Digital technologies are entering modern life and production very quickly. The BRICS countries, in order to maintain their competitiveness in the future, are also forced to quickly introduce digital solutions into their economies. In order to contribute to the unification of the capabilities of the BRICS economies in the creation and implementation of digital technologies, it is proposed to create a Technological platform for sectoral ecosystems of the Digital Economy of the BRICS countries. On the basis of this platform, the formation of the National Information Infrastructure could be carried out to provide high-speed communication and a cloud platform for various government departments: from the government to the level of rural settlements.

The rapid development of e-commerce in international practice has already raised the issue of developing international agreements governing e- commerce. There are different approaches to the definition and classification of “digital products” and the types of agreements that should govern the online sale of goods and services (GATS or GATT). In this regard, it would be advisable for the BRICS countries, within the framework of the BRICS working group on e-commerce, with the involvement of representatives of interested departments, to develop synchronized approaches to these issues, which will create conditions and contribute to the development of national laws on the regulation of Internet commerce, the conclusion in the future multilateral trade agreement on e-commerce issues, including the procedure for taxing telecommunications services and e-commerce using automatic exchange of tax information, strengthening the positions of both individual BRICS countries and the forum as a whole in negotiations on e-commerce issues with countries outside the BRICS.

To create conditions for the development of all types of electronic commerce (B2B, B2G, B2C), equal recognition of foreign and national electronic signatures is required. In this regard, it seems important to develop rules and documentation requirements that regulate the procedure for cross-border electronic document management within the BRICS countries. At the initial stage, it is necessary to sign an Agreement on the use of information technologies in the exchange of electronic documents in cross-border trade. E-commerce will develop steadily (especially in the B2B and B2G sectors) only if financial transactions are reliably protected from access by unauthorized persons. The development of cryptographic information protection tools is a common problem facing all BRICS economies. Based on this, it seems appropriate to develop a project of the BRICS countries for the joint development of specialized means of cryptographic information protection. In particular, a scientific and innovative platform for digital security can be created based on the Kaspersky Lab, which provides for the study and exchange of experience of the BRICS countries.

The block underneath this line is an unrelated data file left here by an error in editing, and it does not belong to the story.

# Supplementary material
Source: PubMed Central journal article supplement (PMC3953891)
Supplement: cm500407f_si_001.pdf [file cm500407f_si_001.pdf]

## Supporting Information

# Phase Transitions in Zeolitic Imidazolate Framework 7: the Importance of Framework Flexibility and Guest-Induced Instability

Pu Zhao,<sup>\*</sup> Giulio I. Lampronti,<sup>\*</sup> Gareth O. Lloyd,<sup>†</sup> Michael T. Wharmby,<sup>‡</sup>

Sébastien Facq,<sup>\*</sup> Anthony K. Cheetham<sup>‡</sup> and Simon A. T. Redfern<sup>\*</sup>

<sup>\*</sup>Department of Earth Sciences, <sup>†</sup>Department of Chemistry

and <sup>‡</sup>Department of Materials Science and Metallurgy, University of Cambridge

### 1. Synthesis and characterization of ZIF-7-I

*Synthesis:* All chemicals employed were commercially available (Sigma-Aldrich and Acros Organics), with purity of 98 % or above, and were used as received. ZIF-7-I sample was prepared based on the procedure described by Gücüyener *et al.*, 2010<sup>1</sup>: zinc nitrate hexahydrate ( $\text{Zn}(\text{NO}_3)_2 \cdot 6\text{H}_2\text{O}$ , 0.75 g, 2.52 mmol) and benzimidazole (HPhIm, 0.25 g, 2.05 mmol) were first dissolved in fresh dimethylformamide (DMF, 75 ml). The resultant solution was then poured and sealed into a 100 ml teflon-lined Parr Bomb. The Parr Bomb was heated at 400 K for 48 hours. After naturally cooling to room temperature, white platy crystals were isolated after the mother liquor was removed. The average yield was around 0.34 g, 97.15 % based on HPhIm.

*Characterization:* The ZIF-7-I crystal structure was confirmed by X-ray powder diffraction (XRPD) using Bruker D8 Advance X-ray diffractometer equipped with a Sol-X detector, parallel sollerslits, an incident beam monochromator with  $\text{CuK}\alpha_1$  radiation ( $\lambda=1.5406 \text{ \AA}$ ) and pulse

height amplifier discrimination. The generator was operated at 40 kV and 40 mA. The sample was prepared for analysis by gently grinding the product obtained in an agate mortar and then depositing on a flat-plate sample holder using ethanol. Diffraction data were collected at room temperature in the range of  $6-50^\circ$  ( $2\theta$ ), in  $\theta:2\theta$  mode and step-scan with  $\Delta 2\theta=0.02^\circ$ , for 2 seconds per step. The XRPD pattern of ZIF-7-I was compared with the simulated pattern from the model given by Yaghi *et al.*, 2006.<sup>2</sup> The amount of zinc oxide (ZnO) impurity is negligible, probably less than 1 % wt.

The development of software and data transmission protocols for cross-border e-commerce is going on in parallel in many countries, which leads to a variety of technical solutions that are not always compatible with each other. In this regard, the BRICS countries could launch a project through the relevant departments (Ministries of Communications and ICT) to develop common approaches to the applied technical solutions and standardize all software protocols. The use of unified solutions will create additional conditions for the development of electronic commerce between countries.

The development of e-commerce will be actively influenced by emerging digital technologies. Russia is already actively engaged in the standardization of mechanisms for distributed ledger technology and blockchain technology and the introduction of blockchain in financial transactions. Considering the high degree of reliability and transparency of transactions carried out using blockchain technology, it would make sense for the BRICS countries to launch a joint project to develop and implement this technology. In the case of the introduction of this technology in cross-border trade, both the seller and the buyer get the opportunity to track the movement of goods in real time, which increases the transparency, predictability and attractiveness of foreign trade operations.

The development of cooperation between the BRICS countries in the implementation of digital technologies will be facilitated by the harmonization of national laws governing the use of technologies of the Internet of things, distributed information storage (blockchain) and big data, as well as the deployment of fifth generation networks.

One of the central problems in cross-border trade is the problem of VAT payments. The lack of a uniform approach to resolving this issue leads to the erosion of the tax base of a number of countries and the withdrawal of profits from taxation. The BRICS countries at this stage are actively developing ecommerce, in this regard, it is important to agree in principle on the positions and reach agreements on this issue. It would be advisable to consider the possibility of creating a unified mechanism for the collection of VAT when foreign organizations provide services via the Internet to individuals. It is important to define a unified list of such services, the places of their provision, the procedure for paying VAT, etc.